It’s hard to believe, but we’re already into the divisional round of the NFL playoffs. The first of four games this weekend will see the No. 1 seed in the AFC, the Baltimore Ravens, play host to the No. 4 seed and AFC South champion Houston Texans.
Baltimore secured home-field advantage throughout the playoffs all the way back in Week 17, then gave most of the starters the regular-season finale off and got to watch the wild-card games at home, having earned a first-round bye. The Texans came into their game against the Browns as home underdogs, then quickly blew Cleveland off the field and claimed their first playoff victory since 2019.
Now, these two teams get to square off — in a rematch of their season opener — with a trip to the conference championship on the line. Which of them will advance to the AFC title game? We’ll find out soon enough.
Before we break down the matchup, here’s a look at how you can watch the game.
How to watch
Date: Saturday, Jan. 20 | Time: 4:30 p.m. ET
Location: M&T Bank Stadium (Baltimore)
TV: ABC/ESPN | Stream on fubo (try for free)
Follow: CBS Sports App
Odds: Ravens -9.5, O/U 43.5 ( via Sportsline consensus odds)
When the Texans have the ball
When these teams played all the way back in Week 1, the Texans surely did not look like the type of team that would be vying for an appearance in the conference championship game. They scored only nine points against Baltimore’s defense; C.J. Stroud averaged a mere 5.5 yards per attempt, Dameon Pierce and Devin Singletary combined for just 53 yards on 18 carries (with Pierce leading the backfield), and Tank Dell was barely a part of the offensive picture. Just about the only thing that happened on offense that foreshadowed any of what was to come was that Nico Collins turned his 11 targets into 6 catches for 80 yards.
We all know what happened next. Stroud had one of the best rookie seasons in NFL history, leading the league in both passing yards per game and touchdown-to-interception ratio while checking in sixth in both passer rating and TruMedia’s version of EPA per dropback. Singletary completely took over the backfield from Pierce. Dell became one of the most explosive receivers in all of football before a season-ending injury. And Collins emerged as a true No. 1 receiver, racking up 80 grabs (more than he had in his first two NFL seasons combined) for 1,297 yards (same) and 8 touchdowns (also) in his 15 games played.
Offensive coordinator Bobby Slowik put Stroud and Co. in position to succeed with his offense that was heavy on play action (24.5% of dropbacks, seventh in the NFL among regular starters, per TruMedia) and route concepts designed to attack the middle of the field. On between-the-numbers throws this season, Stroud went 190 of 251 for 2,369 yards, 11 touchdowns, and 4 interceptions. He was fourth in the NFL in EPA/dropback and second in explosive-play rate (15.5%) on those passes.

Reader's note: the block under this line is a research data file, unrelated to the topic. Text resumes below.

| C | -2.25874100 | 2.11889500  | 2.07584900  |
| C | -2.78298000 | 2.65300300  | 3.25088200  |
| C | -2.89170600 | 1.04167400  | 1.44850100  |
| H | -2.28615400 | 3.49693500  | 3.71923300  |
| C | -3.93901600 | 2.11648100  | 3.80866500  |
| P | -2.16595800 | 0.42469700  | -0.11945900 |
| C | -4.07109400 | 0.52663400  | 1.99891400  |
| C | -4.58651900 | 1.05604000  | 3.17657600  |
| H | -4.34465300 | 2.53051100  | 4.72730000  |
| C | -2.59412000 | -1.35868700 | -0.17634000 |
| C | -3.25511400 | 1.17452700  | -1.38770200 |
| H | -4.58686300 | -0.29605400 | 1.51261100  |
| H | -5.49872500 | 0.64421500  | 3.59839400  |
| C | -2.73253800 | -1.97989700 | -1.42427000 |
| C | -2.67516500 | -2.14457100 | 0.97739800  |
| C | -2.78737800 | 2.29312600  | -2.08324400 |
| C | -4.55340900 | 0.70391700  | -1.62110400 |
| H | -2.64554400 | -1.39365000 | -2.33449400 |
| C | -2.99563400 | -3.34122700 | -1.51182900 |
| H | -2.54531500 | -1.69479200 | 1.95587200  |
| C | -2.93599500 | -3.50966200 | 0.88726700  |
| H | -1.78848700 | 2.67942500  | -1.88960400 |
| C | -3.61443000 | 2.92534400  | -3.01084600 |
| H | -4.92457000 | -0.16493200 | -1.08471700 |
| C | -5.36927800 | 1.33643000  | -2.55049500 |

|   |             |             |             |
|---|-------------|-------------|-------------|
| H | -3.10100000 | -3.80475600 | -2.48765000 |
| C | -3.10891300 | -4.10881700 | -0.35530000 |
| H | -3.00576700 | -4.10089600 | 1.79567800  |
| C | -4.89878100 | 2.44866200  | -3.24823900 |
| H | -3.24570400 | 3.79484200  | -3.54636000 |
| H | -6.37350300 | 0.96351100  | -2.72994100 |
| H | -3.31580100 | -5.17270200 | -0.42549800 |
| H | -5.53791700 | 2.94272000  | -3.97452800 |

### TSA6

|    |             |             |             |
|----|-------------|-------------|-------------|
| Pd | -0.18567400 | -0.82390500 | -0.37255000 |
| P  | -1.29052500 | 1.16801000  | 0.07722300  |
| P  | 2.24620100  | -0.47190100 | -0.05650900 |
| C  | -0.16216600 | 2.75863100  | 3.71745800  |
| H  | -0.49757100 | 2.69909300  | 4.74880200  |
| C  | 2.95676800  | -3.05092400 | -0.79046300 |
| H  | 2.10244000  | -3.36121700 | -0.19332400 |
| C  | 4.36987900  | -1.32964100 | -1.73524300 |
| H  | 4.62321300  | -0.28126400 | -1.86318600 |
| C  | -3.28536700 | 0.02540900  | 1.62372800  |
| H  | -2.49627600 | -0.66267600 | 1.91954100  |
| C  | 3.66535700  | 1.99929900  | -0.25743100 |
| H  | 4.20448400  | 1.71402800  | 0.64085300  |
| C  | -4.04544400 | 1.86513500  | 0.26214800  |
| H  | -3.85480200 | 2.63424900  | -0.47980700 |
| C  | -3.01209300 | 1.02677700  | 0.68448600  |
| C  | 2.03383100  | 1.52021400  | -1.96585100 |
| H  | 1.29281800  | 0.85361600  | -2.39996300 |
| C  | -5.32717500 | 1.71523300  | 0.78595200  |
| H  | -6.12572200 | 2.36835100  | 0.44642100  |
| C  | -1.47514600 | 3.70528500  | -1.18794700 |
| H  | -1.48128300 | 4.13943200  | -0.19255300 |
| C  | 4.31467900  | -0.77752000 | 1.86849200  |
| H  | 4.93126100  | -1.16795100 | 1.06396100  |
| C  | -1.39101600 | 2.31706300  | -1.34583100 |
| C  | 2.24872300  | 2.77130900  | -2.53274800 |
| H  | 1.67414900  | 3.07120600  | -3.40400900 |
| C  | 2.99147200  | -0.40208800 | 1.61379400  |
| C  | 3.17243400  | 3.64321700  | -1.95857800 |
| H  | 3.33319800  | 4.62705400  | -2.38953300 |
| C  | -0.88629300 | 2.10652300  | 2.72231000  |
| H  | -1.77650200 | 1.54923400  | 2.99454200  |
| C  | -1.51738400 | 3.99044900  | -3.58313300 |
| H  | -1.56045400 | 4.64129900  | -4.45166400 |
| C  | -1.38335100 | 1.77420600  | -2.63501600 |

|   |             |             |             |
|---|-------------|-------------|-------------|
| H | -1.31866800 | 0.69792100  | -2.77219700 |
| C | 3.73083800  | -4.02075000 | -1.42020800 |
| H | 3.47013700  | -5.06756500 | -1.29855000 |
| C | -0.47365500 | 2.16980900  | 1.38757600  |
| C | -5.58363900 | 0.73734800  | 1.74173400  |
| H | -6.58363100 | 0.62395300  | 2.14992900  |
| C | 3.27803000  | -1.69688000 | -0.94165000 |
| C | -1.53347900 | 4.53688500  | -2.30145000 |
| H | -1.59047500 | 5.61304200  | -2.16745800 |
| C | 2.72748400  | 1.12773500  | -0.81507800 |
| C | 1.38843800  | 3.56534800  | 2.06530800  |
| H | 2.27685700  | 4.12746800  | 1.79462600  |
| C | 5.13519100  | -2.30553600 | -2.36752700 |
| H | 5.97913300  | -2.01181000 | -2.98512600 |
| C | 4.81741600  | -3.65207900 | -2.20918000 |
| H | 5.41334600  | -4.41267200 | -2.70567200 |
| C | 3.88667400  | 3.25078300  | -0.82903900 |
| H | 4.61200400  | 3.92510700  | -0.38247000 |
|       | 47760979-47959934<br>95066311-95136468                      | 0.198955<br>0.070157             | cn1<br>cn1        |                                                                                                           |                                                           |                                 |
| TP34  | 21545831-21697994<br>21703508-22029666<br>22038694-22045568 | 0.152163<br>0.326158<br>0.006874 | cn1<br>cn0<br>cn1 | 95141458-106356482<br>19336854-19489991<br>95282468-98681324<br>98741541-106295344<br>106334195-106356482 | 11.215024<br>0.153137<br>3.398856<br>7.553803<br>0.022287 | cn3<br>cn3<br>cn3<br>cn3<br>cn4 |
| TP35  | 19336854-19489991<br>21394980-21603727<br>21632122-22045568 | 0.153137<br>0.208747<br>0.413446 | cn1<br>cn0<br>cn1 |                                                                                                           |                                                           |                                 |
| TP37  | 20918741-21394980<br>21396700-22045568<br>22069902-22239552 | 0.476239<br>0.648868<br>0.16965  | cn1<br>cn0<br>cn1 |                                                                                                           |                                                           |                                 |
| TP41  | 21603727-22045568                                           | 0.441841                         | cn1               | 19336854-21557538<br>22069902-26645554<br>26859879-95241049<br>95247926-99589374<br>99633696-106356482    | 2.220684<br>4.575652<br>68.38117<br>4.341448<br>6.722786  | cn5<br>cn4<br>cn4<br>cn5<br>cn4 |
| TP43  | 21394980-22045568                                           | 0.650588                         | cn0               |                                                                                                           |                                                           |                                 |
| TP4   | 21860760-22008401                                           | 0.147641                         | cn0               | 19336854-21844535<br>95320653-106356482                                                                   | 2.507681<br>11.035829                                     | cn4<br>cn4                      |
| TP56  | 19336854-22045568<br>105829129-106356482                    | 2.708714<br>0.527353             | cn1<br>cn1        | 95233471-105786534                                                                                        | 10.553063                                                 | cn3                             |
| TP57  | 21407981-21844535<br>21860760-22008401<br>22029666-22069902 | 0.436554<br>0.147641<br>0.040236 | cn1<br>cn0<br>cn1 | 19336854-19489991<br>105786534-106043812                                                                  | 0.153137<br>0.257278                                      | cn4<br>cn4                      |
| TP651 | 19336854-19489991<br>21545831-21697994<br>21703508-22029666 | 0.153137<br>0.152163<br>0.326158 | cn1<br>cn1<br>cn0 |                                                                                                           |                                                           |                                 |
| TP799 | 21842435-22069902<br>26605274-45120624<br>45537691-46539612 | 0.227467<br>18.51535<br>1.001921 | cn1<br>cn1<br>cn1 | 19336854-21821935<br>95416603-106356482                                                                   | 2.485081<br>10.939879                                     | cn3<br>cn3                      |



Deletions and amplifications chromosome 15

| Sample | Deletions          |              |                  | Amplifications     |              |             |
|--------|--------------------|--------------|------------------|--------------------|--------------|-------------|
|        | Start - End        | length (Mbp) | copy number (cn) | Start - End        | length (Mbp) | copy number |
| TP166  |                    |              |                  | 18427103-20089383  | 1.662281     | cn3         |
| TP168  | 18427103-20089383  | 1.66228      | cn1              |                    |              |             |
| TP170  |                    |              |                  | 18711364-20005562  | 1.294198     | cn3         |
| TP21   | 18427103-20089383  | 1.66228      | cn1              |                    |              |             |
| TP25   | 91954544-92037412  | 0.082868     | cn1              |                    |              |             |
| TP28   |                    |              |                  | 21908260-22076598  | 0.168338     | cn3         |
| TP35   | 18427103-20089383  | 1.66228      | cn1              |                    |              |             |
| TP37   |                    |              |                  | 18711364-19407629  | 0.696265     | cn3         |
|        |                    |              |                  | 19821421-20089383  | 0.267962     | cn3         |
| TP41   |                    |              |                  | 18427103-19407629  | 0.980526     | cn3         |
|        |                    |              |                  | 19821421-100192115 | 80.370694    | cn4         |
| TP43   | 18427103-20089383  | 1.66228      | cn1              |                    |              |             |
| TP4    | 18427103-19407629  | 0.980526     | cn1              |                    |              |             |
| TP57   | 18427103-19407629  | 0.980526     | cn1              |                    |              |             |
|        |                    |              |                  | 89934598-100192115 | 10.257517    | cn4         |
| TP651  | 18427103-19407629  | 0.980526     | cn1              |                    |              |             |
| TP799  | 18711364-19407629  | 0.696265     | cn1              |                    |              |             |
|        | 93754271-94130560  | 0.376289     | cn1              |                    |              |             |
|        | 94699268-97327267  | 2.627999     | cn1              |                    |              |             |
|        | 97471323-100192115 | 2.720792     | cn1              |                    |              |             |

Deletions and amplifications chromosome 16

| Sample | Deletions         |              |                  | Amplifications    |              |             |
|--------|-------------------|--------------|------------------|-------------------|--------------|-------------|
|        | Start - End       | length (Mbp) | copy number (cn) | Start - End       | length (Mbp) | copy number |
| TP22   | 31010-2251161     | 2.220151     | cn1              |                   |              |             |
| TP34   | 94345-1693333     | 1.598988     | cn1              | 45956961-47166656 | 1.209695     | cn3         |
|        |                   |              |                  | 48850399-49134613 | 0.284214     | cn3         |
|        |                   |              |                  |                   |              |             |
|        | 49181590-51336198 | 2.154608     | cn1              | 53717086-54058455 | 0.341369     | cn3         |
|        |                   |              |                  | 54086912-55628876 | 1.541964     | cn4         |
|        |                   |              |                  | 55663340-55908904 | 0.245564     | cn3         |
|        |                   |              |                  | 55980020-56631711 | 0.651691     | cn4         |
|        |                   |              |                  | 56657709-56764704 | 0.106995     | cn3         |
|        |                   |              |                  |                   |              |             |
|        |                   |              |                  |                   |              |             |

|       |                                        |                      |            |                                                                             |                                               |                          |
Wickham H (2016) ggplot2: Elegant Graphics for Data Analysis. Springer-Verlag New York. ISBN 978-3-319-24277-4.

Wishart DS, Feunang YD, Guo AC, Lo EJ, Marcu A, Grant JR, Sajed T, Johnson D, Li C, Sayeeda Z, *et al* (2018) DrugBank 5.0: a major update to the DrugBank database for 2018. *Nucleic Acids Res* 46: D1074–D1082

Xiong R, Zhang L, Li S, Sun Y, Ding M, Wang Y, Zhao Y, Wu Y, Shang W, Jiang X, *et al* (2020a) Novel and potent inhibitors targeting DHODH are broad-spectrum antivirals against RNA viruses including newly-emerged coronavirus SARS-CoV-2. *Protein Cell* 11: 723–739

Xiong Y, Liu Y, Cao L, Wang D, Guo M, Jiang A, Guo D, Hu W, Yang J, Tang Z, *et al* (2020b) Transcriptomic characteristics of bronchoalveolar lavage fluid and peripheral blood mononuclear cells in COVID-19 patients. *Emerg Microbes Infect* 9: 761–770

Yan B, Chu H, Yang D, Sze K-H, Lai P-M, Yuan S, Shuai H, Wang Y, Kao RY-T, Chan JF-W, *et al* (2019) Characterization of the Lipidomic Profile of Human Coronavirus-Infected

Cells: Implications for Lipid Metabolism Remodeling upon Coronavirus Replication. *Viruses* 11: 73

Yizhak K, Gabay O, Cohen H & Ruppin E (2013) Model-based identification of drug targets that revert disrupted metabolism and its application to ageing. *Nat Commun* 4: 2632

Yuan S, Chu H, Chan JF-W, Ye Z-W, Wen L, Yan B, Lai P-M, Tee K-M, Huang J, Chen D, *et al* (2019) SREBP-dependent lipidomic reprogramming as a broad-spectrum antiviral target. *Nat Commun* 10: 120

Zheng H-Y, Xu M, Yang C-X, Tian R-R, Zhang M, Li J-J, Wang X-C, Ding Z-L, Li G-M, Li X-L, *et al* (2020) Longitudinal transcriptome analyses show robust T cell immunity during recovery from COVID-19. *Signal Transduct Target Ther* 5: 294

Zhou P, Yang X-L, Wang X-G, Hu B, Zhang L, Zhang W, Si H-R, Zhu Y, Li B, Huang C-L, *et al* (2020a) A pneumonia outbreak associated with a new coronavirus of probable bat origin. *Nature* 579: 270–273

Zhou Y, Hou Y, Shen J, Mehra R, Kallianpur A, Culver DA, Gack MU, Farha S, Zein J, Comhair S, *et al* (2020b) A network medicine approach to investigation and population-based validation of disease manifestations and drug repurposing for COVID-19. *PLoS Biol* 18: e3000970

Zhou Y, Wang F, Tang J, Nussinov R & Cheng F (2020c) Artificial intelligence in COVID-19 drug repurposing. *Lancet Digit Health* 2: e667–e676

This weekend against Baltimore, Stroud will face the league’s No. 1 pass defense, and will do so without Dell, as well as Noah Brown, who went on injured reserve earlier this week. The Ravens finished the season fourth in EPA/dropback against middle-of-the-field throws, and fifth against play action. They allowed just one passing touchdown all season on a throw following a run fake — a 65-yard catch-and-run by Jaguars wideout Jamal Agnew on a busted coverage. Against under-center play action passes like the Texans favor, opponents went just 27 of 47 for 345 yards, the aforementioned touchdown, and two interceptions, with Baltimore again finishing fifth in opponent’s EPA/dropback.
Mike Macdonald’s defense can shape-shift from week to week depending on what the opposing team likes to do and where it looks to attack. We saw this throughout the year. They used five different coverages for at least 10% of the snaps against the Texans back in Week 1, clearly aiming to confuse Stroud so that he didn’t know what to expect — and it worked. Stroud of course became better at dealing with nearly every type of coverage throughout the year, but we should expect Macdonald to keep him guessing throughout the game once again.
At 6-4, 215 pounds, Collins presents a size-and-strength mismatch for most cornerbacks. But Marlon Humphrey (6-0, 201) and Brandon Stephens (6-1, 215) each have good size for the position, and with both Dell and Brown out, the Ravens can be more intentional about rolling coverage help his way. They don’t have to be quite as worried about Robert Woods, John Metchie III, or Xavier Hutchinson.
Crucial here will be Slowik’s ability to scheme up quick passes that don’t afford the Ravens a chance to get pressure on Stroud in the pocket (Baltimore was eighth in pressure rate during the regular season), but still push the ball far enough down the field that the Ravens can’t just condense everything and make the Texans play small ball and put together 12-play drives to score. The Ravens guard every position and every area of the field incredibly well, but interestingly ranked just 17th in EPA/dropback on passes out of 12 personnel (1 running back, 2 tight ends). The Texans only had 57 12-personnel dropbacks all season, but Stroud did go 4 of 5 for 44 yards and a touchdown to Nico Collins out of that formation last week, and Brevin Jordan’s impressive 76-yard touchdown against Cleveland could get him on the field more often in this matchup.